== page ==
The Guardian June 20, 2001


Ramsey report gets it wrong NSW Education

The Ramsey report was released on November 29, 2000 by NSW Education 
Minister John Aquilina. Prepared by education specialist Dr Gregor Ramsey, 
it recommended over 50 changes to education in the State, including the 
dismantling of the current pay system, and major changes to the employment 
and ongoing professional development of teachers. It is the 21st such study 
commissioned since 1980, and has been heavily criticised by the NSW 
Teachers' Federation (Federation), and the Independent Education Union. 
Kelvin McQueen* takes a look at the Report.

The Ramsey report is the most Federation-unfriendly document since the 
Liberal Government's "Your School  Right to Choose" of the early 1990s.

Ramsey's report stretches its concerns far wider than just teacher 
training; he wants to take all serious professional input away from 
Federation.

Ramsey's report recommends a "professional" Institute of Teachers that is 
nothing more than an attempt to do away with Federation.

The terms of reference for Ramsey's review were put together by the 
Ministerial Advisory Committee on the Quality of Teaching Working Party.

In its obviously hectic six meetings, it surveyed Deans of Education, the 
Board of Studies, 30 beginning teachers in the Bathurst district, 30 
"experienced" teachers from government and non government schools, and some 
teacher educators.

At best, this was an extremely limited survey and, again, there was no 
direct Federation input.

The inclusion of non-government schools is interesting considering their 
parasitic benefit from fully publicly-funded teacher training (indeed, 
Ramsey calls private schools "free-riders" on the system).

In his report's acknowledgements, Ramsey mentions many, but no unions or 
their representatives.

Following the promulgation of the terms of reference, Ramsey's review was 
completed on November 29, 2000.

It was entitled "Quality Matters: Revitalising teaching: Critical times,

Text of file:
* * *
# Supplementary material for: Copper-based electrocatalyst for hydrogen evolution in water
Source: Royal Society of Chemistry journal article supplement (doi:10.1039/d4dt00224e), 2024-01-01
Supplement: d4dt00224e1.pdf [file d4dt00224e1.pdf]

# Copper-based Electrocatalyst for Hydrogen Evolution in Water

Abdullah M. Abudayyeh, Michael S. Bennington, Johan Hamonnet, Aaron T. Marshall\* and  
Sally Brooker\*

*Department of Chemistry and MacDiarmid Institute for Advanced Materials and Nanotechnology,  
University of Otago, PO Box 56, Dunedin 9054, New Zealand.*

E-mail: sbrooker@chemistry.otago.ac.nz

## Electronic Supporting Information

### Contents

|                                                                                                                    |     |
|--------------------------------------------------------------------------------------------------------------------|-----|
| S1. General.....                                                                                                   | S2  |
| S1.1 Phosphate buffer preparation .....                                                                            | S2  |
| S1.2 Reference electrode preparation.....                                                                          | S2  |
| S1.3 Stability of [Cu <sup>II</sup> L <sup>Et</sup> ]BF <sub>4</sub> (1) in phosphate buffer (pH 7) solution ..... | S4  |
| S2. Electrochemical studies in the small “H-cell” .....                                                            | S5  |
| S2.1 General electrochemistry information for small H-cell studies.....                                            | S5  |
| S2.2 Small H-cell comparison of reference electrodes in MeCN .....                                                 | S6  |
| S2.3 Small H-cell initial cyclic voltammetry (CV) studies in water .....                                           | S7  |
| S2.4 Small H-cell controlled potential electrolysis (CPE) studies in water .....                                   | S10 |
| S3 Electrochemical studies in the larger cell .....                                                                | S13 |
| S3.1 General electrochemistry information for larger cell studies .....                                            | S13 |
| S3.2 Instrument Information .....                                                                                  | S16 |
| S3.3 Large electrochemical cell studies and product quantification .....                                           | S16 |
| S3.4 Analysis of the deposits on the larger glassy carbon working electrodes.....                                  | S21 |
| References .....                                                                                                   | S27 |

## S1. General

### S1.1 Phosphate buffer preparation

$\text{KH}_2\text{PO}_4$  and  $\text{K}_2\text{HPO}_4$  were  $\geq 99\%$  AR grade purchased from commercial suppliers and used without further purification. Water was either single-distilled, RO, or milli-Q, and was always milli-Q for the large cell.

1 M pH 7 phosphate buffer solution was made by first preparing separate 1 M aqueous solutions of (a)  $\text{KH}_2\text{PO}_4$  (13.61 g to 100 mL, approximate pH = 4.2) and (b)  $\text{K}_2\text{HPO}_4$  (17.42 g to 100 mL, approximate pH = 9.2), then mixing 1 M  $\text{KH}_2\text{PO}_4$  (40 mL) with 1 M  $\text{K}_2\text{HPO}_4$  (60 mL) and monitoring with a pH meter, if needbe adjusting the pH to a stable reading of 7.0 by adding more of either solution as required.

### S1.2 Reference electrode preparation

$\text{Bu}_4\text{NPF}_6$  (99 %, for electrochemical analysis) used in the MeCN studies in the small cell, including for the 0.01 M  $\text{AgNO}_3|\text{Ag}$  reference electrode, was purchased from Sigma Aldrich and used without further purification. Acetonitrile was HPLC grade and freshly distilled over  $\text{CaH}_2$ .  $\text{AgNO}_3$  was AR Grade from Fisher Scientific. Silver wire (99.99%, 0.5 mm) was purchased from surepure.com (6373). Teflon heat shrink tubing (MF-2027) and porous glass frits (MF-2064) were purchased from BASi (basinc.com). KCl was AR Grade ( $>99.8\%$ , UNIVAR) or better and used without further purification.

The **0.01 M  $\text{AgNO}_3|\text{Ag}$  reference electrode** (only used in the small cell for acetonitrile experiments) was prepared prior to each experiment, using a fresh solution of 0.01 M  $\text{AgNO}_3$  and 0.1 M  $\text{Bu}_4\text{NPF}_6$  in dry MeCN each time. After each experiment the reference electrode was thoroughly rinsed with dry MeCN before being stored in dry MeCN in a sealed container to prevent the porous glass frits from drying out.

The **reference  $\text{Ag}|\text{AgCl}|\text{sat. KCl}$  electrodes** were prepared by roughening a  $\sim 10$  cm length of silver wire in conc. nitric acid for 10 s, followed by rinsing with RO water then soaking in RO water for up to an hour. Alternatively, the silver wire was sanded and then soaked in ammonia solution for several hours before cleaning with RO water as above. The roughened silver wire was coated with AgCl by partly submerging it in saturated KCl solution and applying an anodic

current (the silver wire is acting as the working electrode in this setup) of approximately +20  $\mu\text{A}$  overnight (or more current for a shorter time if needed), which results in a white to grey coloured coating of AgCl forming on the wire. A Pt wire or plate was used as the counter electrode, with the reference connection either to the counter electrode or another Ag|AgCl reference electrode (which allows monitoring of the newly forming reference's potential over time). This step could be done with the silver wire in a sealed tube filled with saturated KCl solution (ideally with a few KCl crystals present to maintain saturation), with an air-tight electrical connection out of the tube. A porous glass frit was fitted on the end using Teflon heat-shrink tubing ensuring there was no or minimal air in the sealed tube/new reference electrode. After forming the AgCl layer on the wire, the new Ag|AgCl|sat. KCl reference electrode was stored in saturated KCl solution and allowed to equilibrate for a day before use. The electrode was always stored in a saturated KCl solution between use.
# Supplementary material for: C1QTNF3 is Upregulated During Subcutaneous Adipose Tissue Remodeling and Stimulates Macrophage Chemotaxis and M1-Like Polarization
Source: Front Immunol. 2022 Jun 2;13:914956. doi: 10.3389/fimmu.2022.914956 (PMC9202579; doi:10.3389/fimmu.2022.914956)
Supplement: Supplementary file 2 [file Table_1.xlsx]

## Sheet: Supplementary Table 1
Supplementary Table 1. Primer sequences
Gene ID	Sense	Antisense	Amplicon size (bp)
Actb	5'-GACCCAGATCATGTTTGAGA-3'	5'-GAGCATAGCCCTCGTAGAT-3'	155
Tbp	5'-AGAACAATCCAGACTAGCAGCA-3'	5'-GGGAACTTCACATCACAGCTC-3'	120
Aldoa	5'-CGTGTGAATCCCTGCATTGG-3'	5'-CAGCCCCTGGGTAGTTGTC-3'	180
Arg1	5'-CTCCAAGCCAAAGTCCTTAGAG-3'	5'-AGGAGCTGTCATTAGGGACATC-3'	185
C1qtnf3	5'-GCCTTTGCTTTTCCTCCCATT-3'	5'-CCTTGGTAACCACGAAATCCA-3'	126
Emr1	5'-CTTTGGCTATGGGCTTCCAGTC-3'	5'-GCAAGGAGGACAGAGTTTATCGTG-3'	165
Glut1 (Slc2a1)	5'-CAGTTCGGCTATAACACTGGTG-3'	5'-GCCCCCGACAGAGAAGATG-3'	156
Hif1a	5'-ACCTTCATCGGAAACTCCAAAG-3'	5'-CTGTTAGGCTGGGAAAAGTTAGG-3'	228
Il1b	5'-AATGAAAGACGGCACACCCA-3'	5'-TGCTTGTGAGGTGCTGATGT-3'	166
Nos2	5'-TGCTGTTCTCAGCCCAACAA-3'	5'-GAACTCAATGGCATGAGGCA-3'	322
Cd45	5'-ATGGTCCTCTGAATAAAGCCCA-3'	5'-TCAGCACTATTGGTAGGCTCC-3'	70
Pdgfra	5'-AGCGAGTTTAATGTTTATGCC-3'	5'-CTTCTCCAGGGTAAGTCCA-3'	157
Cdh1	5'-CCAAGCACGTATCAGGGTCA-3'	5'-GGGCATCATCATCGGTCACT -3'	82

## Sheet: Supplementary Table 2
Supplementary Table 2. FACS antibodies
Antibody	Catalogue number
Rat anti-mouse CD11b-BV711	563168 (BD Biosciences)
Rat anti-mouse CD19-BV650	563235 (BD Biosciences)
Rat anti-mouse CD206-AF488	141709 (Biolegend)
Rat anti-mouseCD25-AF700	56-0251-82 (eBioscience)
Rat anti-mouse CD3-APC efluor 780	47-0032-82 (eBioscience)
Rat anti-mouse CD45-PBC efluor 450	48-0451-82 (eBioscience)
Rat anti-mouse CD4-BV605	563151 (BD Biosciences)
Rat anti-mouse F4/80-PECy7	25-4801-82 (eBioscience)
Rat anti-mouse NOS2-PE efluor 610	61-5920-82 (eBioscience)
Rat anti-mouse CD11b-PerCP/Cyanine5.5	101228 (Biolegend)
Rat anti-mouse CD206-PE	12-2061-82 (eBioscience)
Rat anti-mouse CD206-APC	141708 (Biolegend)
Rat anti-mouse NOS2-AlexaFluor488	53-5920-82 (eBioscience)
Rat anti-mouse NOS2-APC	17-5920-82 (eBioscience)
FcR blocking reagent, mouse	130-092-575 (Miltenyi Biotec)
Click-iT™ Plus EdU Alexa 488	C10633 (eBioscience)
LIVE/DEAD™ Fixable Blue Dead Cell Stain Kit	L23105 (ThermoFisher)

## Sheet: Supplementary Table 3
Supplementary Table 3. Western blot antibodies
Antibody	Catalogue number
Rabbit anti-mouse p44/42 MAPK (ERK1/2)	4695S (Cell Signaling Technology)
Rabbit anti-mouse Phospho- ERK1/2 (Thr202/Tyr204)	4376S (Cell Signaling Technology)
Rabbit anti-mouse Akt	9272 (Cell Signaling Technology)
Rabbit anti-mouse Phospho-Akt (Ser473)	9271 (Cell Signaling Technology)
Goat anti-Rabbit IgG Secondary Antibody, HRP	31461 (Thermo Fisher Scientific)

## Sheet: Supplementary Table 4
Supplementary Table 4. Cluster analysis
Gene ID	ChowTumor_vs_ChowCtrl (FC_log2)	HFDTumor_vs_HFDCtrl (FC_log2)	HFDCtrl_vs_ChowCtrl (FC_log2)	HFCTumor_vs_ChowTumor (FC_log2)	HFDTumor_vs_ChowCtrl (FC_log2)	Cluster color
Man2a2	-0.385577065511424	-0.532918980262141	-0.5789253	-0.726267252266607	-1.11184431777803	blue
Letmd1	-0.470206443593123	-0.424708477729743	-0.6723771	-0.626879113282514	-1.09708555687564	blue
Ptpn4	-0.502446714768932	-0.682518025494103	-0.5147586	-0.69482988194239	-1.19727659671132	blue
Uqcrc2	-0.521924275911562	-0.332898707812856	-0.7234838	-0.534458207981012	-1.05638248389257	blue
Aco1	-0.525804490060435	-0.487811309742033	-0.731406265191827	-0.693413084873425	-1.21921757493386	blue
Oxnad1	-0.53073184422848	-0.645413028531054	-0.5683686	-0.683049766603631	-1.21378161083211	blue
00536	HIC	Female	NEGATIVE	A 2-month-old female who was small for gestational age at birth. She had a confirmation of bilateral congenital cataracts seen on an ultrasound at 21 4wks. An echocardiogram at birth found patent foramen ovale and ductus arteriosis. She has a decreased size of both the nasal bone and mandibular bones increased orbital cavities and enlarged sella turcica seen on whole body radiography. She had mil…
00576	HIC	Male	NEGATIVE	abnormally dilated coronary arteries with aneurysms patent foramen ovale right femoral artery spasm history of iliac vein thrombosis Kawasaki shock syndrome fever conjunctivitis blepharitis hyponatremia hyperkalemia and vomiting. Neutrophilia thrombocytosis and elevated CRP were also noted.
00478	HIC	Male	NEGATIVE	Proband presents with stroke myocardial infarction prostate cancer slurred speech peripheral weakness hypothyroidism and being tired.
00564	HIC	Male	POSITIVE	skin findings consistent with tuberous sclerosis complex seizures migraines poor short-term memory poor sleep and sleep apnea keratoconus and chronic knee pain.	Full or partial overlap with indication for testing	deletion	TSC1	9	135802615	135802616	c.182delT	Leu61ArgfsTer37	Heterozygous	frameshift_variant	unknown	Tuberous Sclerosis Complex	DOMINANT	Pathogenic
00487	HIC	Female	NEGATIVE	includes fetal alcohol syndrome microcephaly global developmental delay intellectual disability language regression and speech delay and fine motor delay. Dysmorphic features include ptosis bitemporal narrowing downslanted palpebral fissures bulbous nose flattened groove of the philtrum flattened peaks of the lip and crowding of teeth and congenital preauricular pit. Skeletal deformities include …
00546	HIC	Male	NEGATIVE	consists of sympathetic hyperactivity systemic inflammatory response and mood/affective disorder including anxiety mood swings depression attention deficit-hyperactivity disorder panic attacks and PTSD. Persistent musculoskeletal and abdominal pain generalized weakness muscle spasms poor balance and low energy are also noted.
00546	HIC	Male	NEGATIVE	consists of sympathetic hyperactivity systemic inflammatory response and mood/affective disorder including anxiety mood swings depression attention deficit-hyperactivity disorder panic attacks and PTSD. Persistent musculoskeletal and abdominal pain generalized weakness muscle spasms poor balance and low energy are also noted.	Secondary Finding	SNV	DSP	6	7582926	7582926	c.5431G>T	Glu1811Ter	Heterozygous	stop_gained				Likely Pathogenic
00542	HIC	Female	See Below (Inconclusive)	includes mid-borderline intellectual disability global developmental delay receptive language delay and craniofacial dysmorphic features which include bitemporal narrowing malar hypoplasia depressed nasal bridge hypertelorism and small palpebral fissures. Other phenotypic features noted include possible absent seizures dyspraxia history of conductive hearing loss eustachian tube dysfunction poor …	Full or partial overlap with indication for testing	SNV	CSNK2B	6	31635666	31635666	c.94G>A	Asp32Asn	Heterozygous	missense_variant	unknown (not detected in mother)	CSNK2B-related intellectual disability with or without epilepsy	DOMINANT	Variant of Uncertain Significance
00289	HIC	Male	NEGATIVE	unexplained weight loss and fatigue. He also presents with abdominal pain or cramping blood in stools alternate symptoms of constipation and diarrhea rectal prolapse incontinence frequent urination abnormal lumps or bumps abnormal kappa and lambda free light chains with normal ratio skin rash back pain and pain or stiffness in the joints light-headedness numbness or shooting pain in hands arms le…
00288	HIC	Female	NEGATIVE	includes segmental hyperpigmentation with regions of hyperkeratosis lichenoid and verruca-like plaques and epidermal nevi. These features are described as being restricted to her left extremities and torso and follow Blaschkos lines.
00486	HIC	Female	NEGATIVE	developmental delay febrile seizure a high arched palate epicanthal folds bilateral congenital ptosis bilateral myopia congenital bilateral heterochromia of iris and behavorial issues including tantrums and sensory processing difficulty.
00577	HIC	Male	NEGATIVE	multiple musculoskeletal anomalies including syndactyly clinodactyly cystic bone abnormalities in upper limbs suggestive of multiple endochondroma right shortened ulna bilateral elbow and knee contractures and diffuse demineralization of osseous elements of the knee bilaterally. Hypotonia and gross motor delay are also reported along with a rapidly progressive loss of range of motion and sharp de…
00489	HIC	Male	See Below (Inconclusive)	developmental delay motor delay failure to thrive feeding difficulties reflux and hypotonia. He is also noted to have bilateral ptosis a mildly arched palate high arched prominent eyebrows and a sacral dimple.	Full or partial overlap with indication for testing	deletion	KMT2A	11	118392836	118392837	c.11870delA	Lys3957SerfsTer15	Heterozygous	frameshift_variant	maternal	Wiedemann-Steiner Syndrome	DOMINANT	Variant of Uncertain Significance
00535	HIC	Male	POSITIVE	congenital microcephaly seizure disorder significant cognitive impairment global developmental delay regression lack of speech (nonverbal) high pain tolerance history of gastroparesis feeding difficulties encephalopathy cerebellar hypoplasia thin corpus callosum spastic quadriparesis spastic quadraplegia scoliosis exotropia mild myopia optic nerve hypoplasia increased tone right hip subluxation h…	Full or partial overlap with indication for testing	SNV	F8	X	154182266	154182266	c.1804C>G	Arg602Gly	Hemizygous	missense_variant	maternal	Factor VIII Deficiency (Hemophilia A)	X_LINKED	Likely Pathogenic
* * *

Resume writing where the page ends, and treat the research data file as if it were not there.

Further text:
critical choices".

In his covering letter, Ramsey notes two of his three key criteria were the 
questions, "How can the professional interests of teachers be advanced? How 
can the necessary changes be brought about?"

The title and these questions more or less say it all. Quality teaching is 
ill (otherwise, why would it need revitalising?), teachers are not 
"professional" enough, and some serious changes are necessary.

We've heard these things before, but that was under a NSW Liberal 
Government, no friend of teachers or the Federation.

And like the Liberal Government, the same central recommendation for the 
"revitalisation" of teaching is advanced by Ramsey: a "professional", non-
union Institute of Teachers.

Ramsey gives it straight: "Evidence gathered by the Review indicates a need 
for the Government to establish an organisation, the primary purpose of 
which should be to enhance the level of professionalism of teachers and 
teaching".

However, the professional association for teachers established 10 years ago 
by the NSW Liberal Government failed miserably.

It offered no rewards to teachers, excepting some claims about professional 
development which failed to materialise, and, apart from some departmental 
and academic goody-goodies, failed to attract more than a couple of hundred 
`professionals'.

It was rightly seen as an attack on teacher unionism.

Is Ramsey's proposed revival anything different? Ramsey cavalierly states 
that "there is no unified voice for teaching as a profession at the state 
level".

Hasn't he heard of the Teachers' Federation and its 60,000 members, over 90 
per cent of all teachers in NSW government schools?

But, of course, unions are an insidious force in education, according to 
Ramsey. He writes of "the need for a change from union and employer control